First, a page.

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CHEM 220 Organic Chemistry

Introduction to using the organic chemistry literature

Types of Chemical Information

Information about chemical substances may be found in a wide variety of publications and on many kinds of websites.  These sources of information vary in quality, reliability, depth, and level of technicality.  The following are just some of the ways chemical information and research data are disseminated.  You can also learn more about how scientists communicate about their research and get advice on writing and presentation of science in The ACS Guide to Scholarly Communication.


Popular literature

Popular literature is generally non-technical and intended for general readers and consumers.  Magazines covering consumer health, popular science, or general news may contain articles about chemical substances, including drugs. Research data and analysis are generally not detailed in these types of publications, nor will you find many references to the research literature. Here are some tips for finding popular literature articles using library resources.

Browsing popular science or consumer health magazines and news sources can be interesting, if  you are not looking for very specific information.  Some titles you might want to check out:

Information Websites

Websites with information on drug substances are numerous.  Quality and authority of information on these sites varies widely.  To find more reliable results, consider these suggestions.

  • Look for government sponsored sites like or
  • There are some excellent consumer health sites out there, but you need to be aware that the quality can vary greatly.  One source that has good consumer level information about commonly prescribed drugs is Mayo Clinic's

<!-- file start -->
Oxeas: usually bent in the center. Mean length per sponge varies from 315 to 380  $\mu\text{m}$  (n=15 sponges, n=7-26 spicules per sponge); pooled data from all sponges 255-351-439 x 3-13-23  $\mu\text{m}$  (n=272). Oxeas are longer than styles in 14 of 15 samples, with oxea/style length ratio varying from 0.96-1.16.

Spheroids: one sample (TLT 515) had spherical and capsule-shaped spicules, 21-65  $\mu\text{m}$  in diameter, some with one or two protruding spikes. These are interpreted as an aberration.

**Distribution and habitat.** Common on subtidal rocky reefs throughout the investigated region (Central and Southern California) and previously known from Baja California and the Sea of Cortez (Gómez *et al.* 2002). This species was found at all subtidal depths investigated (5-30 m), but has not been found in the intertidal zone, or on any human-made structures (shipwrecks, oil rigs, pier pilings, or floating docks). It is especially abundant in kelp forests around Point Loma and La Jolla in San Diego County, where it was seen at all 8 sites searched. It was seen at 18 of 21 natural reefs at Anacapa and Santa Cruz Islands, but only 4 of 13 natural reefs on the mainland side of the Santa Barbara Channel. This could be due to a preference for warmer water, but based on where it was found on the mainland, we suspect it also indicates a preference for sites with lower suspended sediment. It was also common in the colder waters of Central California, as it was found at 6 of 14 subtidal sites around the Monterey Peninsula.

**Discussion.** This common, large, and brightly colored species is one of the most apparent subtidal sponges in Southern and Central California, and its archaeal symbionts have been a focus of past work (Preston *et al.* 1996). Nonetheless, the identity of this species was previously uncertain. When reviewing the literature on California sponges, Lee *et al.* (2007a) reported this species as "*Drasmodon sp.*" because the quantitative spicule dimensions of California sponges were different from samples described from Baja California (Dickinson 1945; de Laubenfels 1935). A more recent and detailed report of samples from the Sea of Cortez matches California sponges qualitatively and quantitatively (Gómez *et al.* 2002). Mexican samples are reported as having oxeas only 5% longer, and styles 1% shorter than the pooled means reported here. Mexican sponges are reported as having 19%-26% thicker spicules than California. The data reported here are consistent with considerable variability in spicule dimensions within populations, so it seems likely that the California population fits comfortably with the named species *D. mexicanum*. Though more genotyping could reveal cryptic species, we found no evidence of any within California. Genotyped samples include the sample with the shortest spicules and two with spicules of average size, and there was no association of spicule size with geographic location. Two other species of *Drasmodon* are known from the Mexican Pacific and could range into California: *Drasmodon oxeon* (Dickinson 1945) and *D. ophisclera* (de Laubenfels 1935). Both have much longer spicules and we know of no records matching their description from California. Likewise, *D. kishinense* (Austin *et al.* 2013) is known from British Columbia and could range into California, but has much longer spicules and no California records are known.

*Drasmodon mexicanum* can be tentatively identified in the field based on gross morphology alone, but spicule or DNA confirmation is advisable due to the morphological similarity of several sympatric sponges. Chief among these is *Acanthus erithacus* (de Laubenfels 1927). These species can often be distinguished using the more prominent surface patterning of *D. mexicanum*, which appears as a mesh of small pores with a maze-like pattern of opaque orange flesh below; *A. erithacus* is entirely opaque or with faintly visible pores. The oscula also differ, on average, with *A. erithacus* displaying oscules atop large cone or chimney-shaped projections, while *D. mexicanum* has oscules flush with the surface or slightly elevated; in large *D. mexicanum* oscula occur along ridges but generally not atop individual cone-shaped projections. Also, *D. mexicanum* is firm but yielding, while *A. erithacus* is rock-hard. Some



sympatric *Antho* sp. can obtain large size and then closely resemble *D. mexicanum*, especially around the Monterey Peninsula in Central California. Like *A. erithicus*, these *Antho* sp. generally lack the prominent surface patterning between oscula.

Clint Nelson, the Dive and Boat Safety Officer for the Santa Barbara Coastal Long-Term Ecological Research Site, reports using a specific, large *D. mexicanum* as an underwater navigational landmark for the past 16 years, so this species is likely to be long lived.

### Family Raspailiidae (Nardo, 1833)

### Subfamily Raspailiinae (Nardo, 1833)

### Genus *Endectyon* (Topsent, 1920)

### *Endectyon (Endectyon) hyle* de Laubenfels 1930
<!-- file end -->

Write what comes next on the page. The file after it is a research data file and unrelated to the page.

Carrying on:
• Compare various sites to see where the information differs among them.

For more technical chemical information, there are some good choices for websites.   However, you should always check the information you find at an informational website against one or more reliable sources, such as handbooks or desk references.  Here are some suggestions for starting points when looking for data and other information about chemical substances.

  • Wikipedia (check out the entry on atorvastatin) often gets a bad rap, but there is a dedicated community of chemists who maintain information on chemical substances and topics.
  • Web databases like ChemSpider and PubChem can be good sources of information

Peer-reviewed Literature

"Peer review" is a process an editor of a journal uses to help judge the quality, validity and originality of the research reported in a journal article.  Scientists write an article manuscript, which is submitted to a journal.  The editor of the journal sends it to two or more of the author's peers (other scientists) to review.  The reviewers recommend whether or not the article should be published.

You can easily tell whether an article has been peer reviewed in one of two ways:

  • Go to the journal website and look for a link to information for authors, instructions for authors, submitting an article, editorial policies, or something similar.  There should be a section describing what the peer review process is.  As an example, here is a statement from ACS Medicinal Chemistry Letters from the Author Guidelines document: "The Editors evaluate submitted manuscripts, and only those judged to fall within the scope of the journal and to be of potential interest to our readers are sent to two or more reviewers for evaluation."
  • Use a database to identify peer reviewed articles.  For example, using ArticlesPlus there is an option to check a box to limit results to "Peer Reviewed."
  • Most (but not all) of the articles covered by chemistry databases like SciFinder and Reaxys are peer reviewed.  Double check the journal website if you are not familiar with the title.

Handbooks and Desk References

Review articles

A review article is an article that summarizes the current state of research on and understanding of a particular topic using the previously published studies found in the literature.  Review articles help readers identify the main people working in a field, major advances and discoveries, and current debates and ideas about where the research might go next.   There are journals that specialize in review articles, e.g., Chemical Reviews.  Here are some tips on finding a review article:

  • Use a database and limit your search results to review articles. It's easy to do this in SciFinder -- search your topic, get references and then use the Analyze feature to analyze by Document Type (use the drop down menu).  Select General Review or Review
  • Some publishers' websites have limits and filters to help you identify review articles.  Search for a topic and then use the Article Type filter and select Review Article